At this point of the lesson the participants could also work towards a personal goal without boring the rest of the group. For example, one participant greatly appreciated this because it gave him the opportunity to learn some real ‘estate’ vocabulary.
4. End of project presentation: At the end of most lessons, the participants were given time to think up and practise small plays, jokes, poems or recipes ready for the end of session presentations. It did not take long for me to realise that it is in fact very difficult to try and encourage people to make presentations and plays if they do not like performing in front of other people. The most memorable presentation so far was prepared by the third group. They thought up and acted out television programmes in English. We all had great fun preparing the sketches and the participants learnt some useful English expressions for the weather and the news.
MATERIALS AND DECORATION :
I opted for total immersion in a typically English atmosphere and I achieved this by decorating the room with British posters, flags, calendars, leaflets and anything typically British that I could find such as teapots, pint glasses and beer mats. In addition, I tried to talk about the British way of life as much as possible and give British specialities such as Marmite and baked beans for the participants to taste. I even managed to get hold of some amateur videos showing British life from Spring to Autumn and this was greatly appreciated because the participants were actually able to see British life with their own eyes. The most successful was a video showing how Guy Fawkes Night is celebrated.
TEACHING AIDS :
Music cds, videos about different parts of the United Kingdom, authentic British texts, documents and texts. I avoided textbook material; instead, I tried to find and adapt authentic material from England such as hotel brochures, fun quizzes, questionnaires from women’s magazines, crosswords, written and recorded interviews with pop stars, recipes from cookbooks, adverts from newspapers, articles and games from free internet sites.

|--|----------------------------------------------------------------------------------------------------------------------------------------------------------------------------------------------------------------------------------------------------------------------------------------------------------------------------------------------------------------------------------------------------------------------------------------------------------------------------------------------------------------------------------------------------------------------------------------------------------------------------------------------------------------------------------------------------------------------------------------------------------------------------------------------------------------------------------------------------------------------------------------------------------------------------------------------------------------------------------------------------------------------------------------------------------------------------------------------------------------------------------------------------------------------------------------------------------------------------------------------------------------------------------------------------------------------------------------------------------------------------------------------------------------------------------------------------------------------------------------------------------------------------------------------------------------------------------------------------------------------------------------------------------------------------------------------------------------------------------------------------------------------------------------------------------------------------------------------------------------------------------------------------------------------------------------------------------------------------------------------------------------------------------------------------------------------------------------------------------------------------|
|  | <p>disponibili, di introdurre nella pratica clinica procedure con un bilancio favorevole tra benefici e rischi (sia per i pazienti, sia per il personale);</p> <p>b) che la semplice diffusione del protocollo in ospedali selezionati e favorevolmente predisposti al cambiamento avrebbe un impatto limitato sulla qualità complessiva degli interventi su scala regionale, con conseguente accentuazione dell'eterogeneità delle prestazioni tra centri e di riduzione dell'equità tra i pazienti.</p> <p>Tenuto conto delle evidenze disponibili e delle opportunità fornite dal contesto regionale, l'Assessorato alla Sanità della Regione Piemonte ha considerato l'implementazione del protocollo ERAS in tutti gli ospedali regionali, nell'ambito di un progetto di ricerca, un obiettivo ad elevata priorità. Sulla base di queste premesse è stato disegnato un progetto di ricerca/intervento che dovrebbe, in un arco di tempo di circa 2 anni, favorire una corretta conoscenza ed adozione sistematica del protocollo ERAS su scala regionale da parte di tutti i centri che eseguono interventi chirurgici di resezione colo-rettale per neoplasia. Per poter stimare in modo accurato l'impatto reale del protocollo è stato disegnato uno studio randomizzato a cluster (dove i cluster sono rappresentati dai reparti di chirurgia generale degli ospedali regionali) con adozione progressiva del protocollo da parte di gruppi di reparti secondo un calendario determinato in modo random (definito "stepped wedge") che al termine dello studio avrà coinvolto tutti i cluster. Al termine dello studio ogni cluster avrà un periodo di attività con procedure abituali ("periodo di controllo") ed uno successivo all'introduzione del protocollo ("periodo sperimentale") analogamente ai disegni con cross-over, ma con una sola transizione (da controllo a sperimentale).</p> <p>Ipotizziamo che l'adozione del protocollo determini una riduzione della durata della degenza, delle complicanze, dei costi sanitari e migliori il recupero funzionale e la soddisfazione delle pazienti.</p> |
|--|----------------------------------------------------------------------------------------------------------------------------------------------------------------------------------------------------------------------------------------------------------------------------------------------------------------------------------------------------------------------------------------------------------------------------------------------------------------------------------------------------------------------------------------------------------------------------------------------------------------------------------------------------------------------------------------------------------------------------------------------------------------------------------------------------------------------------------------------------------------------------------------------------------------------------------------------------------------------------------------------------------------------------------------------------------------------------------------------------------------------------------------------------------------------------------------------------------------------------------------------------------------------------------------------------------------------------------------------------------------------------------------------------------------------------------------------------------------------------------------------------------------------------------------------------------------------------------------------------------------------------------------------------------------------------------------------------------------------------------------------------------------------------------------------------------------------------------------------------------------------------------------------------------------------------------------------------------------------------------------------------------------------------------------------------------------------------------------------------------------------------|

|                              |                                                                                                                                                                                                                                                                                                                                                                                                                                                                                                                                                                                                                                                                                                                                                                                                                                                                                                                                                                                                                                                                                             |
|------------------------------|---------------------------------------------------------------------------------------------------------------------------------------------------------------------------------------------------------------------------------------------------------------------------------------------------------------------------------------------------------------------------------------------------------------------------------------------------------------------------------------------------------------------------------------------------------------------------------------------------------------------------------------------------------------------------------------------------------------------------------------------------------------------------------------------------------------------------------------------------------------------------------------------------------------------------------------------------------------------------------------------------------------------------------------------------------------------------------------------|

What went well:
• The presentations at the end of each session were proof that all participants succeeded in improving their language and communication skills. What I particularly found encouraging though was the fact that everybody liked the idea of learning a language using games and songs. It was surprising to see just how much English they could learn whilst still have fun at the same time.
• The participants enjoyed exchanging personal ideas and stories because it enabled them all to become great friends despite the differences in age and social background. It really was touching to see how everybody was eager to exchange phone numbers at the end of the sessions. Some of the participants were even keen for me to organise a trip to England with them; I would have jumped at the chance had I been given the means to do so.
• During the Open days to celebrate the “European Languages Day” in September, I was pleased to see that nearly all the participants from the first three sessions came in to talk about their “Allegro” experience. Most people said it was a pleasure to recommend such a course to others.
• The workshop part of the lesson helped me to keep everybody interested at the same time. The different levels became less of a problem and the varied interests turned out to be something positive.
• As a teacher, I feel that I have greatly benefited from this experience of teaching very mixed groups. I have learnt to be more innovative and organised. I have definitely gained in terms of confidence.
• The participants’ enthusiasm for learning about the British culture was rewarding for me a British citizen. I am glad to have made them forget all the conditioned ideas they gathered over their school years about British food, British people and their way of life.
• Everybody joined in well with the games, and the quizzes proved to be very popular.
What did not go quite as well :
• The irregular participation of some of the members. This was a problem with regards the preparation of the end of project presentation.
• The uneven number of beginners in relation to the number of advanced learners. This made it very difficult for me to put the workshop part of the lesson in place.
• There was a certain degree of friction in the third group due to ‘bossier’ participants.
• Having lessons twice a week became too much to manage in the end.
• I found it hard to organize the end of project presentation because the stressful members of the group had difficulty in getting over the block of speaking in front of a large group of people.